From Chapter 9, “Superteams”: “On average, when a forecaster did well enough in year 1 to become a superforecaster, and was put on a superforecaster team in year 2, that person became 50% more accurate. An analysis in year 3 got the same result. Given that these were collections of strangers tenuously connected in cyberspace, we found that result startling. Even more surprising was how well superteams did against prediction markets. …superteams beat prediction markets by 15% to 30%. …How did superteams do so well? By avoiding the extremes of groupthink and Internet flame wars. And by fostering minicultures that encouraged people to challenge each other respectfully, admit ignorance, and request help.”

From Chapter 10, “The Leader’s Dilemma”: “The humility required for good judgment is not self-doubt—the sense that you are untalented, unintelligent, or unworthy. It is intellectual humility. It is a recognition that reality is profoundly complex, that seeing things clearly is a constant struggle, when it can be done at all, and that human judgment must therefore be riddled with mistakes.”

From Chapter 11, “Are They Really So Super?”: “What makes them so good is less what they are than what they do—the hard work of research, the careful thought and self-criticism, the gathering and synthesizing of other perspectives, the granular judgments and relentless updating. …But the continuous self-scrutiny is exhausting, and the feeling of knowing is seductive. Surely even the best of us will inevitably slip back into easier, intuitive modes of thinking. …So how long can superforecasters defy the laws of psychological gravity? The answer to that depends on how heavy their cognitive loads are. …Taleb, Kahneman, and I agree there is no evidence that geopolitical or economic forecasters can predict anything ten years out beyond the excruciatingly obvious… These limits on predictability are the predictable results of the butterfly dynamics of nonlinear systems. …in the big scheme of things, human foresight is puny, but it is nothing to sniff at when you live on that puny human scale.”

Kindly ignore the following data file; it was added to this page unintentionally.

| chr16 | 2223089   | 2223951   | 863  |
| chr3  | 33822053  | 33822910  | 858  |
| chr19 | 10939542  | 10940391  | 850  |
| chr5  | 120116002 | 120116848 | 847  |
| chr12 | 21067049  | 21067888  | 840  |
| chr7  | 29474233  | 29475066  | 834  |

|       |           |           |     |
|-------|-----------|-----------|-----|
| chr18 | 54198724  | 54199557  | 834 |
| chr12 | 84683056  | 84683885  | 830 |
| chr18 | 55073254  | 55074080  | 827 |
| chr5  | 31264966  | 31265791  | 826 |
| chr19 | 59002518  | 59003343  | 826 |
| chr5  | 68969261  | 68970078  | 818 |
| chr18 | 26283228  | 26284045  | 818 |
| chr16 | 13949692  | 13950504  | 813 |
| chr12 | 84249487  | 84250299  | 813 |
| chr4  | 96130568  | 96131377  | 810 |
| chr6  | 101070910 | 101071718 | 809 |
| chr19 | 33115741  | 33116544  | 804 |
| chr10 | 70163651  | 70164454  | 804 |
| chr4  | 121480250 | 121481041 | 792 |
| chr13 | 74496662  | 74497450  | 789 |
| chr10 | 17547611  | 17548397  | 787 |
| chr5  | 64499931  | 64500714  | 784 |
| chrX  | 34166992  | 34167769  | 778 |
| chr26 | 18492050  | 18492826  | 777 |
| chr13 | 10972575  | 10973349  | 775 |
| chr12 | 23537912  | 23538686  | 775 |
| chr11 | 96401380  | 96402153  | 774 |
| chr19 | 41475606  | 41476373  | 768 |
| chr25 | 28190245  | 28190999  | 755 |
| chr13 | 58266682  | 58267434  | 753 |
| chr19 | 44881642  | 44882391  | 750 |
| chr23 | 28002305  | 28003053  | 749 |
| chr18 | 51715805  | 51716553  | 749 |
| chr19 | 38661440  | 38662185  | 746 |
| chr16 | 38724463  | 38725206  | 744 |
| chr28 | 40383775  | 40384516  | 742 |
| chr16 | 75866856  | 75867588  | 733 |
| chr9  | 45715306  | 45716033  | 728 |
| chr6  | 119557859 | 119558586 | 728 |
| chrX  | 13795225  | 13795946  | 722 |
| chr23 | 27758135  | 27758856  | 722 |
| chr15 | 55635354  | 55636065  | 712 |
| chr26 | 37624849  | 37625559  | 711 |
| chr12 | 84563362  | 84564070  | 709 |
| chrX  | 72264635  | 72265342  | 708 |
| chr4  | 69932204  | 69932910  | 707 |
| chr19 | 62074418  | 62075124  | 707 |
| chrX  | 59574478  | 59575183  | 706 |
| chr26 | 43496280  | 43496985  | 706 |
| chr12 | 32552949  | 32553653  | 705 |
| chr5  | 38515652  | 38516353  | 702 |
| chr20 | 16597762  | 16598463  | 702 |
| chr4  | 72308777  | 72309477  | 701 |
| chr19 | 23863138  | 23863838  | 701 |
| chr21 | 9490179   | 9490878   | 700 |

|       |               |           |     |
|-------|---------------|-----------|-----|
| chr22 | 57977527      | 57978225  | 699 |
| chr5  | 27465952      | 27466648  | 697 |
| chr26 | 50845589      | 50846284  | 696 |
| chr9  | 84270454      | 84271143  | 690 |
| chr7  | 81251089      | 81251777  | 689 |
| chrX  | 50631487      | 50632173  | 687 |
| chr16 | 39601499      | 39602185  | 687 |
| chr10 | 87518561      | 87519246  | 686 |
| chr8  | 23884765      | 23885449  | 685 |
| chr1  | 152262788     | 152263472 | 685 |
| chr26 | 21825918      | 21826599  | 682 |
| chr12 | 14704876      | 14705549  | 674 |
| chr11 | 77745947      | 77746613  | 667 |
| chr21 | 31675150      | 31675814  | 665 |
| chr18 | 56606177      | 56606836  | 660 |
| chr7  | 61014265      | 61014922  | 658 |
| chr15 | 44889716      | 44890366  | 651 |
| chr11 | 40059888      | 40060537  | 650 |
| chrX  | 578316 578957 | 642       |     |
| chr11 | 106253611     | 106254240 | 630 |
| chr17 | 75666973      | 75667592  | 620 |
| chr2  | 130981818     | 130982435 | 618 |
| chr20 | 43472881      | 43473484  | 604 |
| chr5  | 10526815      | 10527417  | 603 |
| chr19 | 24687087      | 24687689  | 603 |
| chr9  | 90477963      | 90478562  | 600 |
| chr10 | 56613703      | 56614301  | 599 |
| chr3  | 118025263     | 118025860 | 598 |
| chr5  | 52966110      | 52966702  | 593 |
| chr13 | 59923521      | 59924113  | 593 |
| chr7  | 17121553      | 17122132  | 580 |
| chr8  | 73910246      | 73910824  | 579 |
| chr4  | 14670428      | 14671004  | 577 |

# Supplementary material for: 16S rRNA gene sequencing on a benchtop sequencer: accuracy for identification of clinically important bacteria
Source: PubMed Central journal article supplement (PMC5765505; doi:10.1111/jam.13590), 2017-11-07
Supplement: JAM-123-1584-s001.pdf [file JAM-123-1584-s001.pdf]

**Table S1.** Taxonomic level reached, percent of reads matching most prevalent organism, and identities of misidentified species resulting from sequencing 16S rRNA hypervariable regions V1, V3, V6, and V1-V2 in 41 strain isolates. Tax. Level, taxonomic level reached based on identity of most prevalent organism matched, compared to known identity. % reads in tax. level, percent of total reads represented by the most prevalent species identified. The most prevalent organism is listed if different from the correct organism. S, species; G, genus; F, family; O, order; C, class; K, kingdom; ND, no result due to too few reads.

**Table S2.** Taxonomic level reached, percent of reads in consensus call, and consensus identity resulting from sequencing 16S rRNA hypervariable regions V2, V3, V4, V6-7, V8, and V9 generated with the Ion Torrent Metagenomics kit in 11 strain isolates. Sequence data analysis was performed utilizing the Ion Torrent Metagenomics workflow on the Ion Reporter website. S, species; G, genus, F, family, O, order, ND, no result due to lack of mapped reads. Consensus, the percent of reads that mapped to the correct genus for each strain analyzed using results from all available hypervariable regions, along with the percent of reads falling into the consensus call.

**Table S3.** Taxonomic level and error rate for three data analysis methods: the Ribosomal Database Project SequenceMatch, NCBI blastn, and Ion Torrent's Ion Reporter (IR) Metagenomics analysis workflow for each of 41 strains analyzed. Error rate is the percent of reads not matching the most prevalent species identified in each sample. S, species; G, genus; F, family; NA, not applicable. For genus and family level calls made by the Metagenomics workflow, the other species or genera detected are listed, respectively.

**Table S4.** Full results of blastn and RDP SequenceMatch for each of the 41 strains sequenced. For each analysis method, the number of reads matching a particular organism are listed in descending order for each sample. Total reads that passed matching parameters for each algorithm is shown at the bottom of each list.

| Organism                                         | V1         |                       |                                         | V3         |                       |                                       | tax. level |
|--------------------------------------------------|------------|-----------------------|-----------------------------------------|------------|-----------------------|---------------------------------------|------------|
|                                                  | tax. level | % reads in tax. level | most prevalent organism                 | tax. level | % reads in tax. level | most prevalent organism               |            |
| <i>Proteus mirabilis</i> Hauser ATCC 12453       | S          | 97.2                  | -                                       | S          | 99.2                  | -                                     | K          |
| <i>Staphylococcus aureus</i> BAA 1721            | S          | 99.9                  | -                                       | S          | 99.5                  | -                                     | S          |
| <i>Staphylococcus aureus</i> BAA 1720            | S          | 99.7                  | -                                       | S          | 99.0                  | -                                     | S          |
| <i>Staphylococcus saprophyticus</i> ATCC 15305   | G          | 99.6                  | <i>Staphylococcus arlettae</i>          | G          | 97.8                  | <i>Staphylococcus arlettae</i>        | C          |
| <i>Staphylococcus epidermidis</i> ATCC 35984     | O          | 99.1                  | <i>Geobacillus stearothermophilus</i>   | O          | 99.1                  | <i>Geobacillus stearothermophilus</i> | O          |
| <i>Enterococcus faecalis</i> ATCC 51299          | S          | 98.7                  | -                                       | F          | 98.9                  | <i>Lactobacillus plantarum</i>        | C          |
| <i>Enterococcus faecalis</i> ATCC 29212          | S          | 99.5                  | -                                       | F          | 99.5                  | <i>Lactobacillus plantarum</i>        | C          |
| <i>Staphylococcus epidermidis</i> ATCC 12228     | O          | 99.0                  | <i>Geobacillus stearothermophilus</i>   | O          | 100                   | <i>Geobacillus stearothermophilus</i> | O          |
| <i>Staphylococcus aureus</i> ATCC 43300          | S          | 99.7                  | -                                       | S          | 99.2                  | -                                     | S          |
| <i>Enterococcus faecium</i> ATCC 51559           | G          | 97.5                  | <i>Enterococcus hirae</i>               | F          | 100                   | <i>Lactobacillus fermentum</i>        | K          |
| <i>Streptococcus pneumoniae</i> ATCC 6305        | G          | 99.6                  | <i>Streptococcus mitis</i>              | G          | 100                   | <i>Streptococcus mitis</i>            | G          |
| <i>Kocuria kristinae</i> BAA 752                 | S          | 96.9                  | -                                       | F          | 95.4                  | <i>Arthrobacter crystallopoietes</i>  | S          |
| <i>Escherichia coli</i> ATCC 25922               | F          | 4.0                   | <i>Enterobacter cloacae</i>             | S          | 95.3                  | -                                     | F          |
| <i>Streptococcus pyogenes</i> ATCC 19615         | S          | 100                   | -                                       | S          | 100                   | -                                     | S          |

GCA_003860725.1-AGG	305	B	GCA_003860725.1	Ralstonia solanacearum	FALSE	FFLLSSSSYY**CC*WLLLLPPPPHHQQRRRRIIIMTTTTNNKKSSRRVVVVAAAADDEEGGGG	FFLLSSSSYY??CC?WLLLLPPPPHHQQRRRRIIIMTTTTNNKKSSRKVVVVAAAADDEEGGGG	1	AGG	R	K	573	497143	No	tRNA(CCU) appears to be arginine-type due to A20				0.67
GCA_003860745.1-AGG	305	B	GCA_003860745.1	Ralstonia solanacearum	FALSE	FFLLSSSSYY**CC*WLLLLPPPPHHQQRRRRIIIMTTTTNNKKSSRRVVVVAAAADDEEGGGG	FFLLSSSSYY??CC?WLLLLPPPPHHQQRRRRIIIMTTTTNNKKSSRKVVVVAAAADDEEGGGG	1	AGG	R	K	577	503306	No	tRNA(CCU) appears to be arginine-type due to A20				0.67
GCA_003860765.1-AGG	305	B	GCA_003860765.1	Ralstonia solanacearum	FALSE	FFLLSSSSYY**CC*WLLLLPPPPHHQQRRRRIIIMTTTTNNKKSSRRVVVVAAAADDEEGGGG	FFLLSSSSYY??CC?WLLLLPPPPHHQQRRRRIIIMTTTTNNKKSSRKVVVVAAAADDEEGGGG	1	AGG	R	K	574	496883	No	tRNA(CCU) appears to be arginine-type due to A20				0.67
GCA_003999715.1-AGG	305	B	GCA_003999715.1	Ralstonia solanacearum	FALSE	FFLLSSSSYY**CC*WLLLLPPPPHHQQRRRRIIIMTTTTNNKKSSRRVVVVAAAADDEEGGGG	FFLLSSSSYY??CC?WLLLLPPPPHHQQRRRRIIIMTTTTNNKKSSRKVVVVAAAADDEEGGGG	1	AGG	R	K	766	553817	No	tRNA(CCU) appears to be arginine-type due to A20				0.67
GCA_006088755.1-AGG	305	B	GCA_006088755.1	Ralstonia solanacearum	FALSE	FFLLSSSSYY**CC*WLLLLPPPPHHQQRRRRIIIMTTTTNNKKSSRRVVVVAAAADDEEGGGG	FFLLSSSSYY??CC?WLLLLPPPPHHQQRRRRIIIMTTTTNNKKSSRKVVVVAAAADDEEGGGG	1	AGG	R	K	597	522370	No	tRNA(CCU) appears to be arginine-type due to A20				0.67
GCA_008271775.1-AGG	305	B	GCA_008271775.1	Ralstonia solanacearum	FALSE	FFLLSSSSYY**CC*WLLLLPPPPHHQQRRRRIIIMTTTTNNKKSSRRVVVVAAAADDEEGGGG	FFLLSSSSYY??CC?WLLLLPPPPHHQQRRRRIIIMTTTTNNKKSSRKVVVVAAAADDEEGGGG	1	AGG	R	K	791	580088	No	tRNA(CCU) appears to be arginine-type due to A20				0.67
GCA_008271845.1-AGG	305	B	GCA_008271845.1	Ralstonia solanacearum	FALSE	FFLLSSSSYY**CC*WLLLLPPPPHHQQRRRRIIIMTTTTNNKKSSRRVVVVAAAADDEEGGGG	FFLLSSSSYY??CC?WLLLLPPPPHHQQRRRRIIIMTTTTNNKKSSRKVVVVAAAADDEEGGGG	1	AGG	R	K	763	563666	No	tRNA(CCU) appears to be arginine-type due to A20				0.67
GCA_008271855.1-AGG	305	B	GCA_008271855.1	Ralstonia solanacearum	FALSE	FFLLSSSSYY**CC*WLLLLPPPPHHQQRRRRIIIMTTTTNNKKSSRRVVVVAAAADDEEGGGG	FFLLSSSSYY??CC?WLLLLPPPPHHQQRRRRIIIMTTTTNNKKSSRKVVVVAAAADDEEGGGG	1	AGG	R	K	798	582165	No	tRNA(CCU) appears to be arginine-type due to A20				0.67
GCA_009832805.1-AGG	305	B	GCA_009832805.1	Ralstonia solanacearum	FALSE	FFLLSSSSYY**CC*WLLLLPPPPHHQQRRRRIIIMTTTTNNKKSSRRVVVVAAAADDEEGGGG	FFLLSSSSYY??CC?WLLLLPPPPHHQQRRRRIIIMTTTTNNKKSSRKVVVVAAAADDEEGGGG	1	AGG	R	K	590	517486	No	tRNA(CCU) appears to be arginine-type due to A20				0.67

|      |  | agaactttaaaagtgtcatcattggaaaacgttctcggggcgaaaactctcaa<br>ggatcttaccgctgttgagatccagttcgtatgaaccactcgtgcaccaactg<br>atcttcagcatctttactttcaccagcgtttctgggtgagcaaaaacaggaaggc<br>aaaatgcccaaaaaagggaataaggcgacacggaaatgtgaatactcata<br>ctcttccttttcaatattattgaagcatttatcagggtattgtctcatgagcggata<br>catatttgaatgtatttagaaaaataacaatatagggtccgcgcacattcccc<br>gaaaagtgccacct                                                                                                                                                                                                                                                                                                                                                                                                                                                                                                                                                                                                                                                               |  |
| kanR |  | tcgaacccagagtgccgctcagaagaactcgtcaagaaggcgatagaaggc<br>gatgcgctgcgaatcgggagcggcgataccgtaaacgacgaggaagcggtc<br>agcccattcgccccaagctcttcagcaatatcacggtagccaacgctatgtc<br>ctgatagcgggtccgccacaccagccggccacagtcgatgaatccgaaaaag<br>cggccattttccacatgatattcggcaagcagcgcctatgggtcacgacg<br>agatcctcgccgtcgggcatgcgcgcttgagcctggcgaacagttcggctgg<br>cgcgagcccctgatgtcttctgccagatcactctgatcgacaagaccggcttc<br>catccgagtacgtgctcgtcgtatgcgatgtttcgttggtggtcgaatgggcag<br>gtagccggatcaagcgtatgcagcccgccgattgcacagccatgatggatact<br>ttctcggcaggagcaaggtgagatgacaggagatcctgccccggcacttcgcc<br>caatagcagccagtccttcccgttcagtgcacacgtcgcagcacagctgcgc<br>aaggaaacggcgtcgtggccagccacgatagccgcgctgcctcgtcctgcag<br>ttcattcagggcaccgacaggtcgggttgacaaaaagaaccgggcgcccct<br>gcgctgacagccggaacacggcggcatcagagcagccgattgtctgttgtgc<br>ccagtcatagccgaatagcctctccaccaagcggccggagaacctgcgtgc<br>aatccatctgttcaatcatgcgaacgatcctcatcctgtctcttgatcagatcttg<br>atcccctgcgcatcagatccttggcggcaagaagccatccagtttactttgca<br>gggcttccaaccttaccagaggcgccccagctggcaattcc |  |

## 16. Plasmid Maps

From Chapter 12, “What’s Next?”: “While we may assume that a superforecaster would also be a superquestioner, and vice versa, we don’t actually know that. Indeed, my best scientific guess is that they often are not. The psychological recipe for the ideal superforecaster may prove to be quite different from that for the ideal superquestioner, as superb question generation often seems to accompany a hedgehog-like incisiveness and confidence that one has a Big Idea grasp of the deep drivers of an event. That’s quite a different mindset from the foxy eclecticism and sensitivity to uncertainty that characterizes superb forecasting.”

In summary, investors may find Superforecasting a counterbalancing context for an incessant stream of vague and unaccountable financial market forecasts, and thereby useful for avoiding overreaction.

Cautions regarding conclusions include:

  • The forecasting described in the book does not rise (or fall) to the level of measuring whether good forecasting is exploitable in an investment sense.
  • As discussed in the book, good forecasting is hard work apparently requiring a high level of numeracy. Obtaining good forecasts may therefore be costly.
  • Also as discussed in the book, the outputs of real-world forecasters are often vague (and therefore difficult to grade) and skewed by motives other than accuracy.

For other perspectives, see “Guru Grades” and browse results of a search on “forecasting”. For depth on foxes versus hedgehogs, see “Expert Political Judgment: How Good Is It? How Can We Know? (Chapter-by-Chapter Review)”.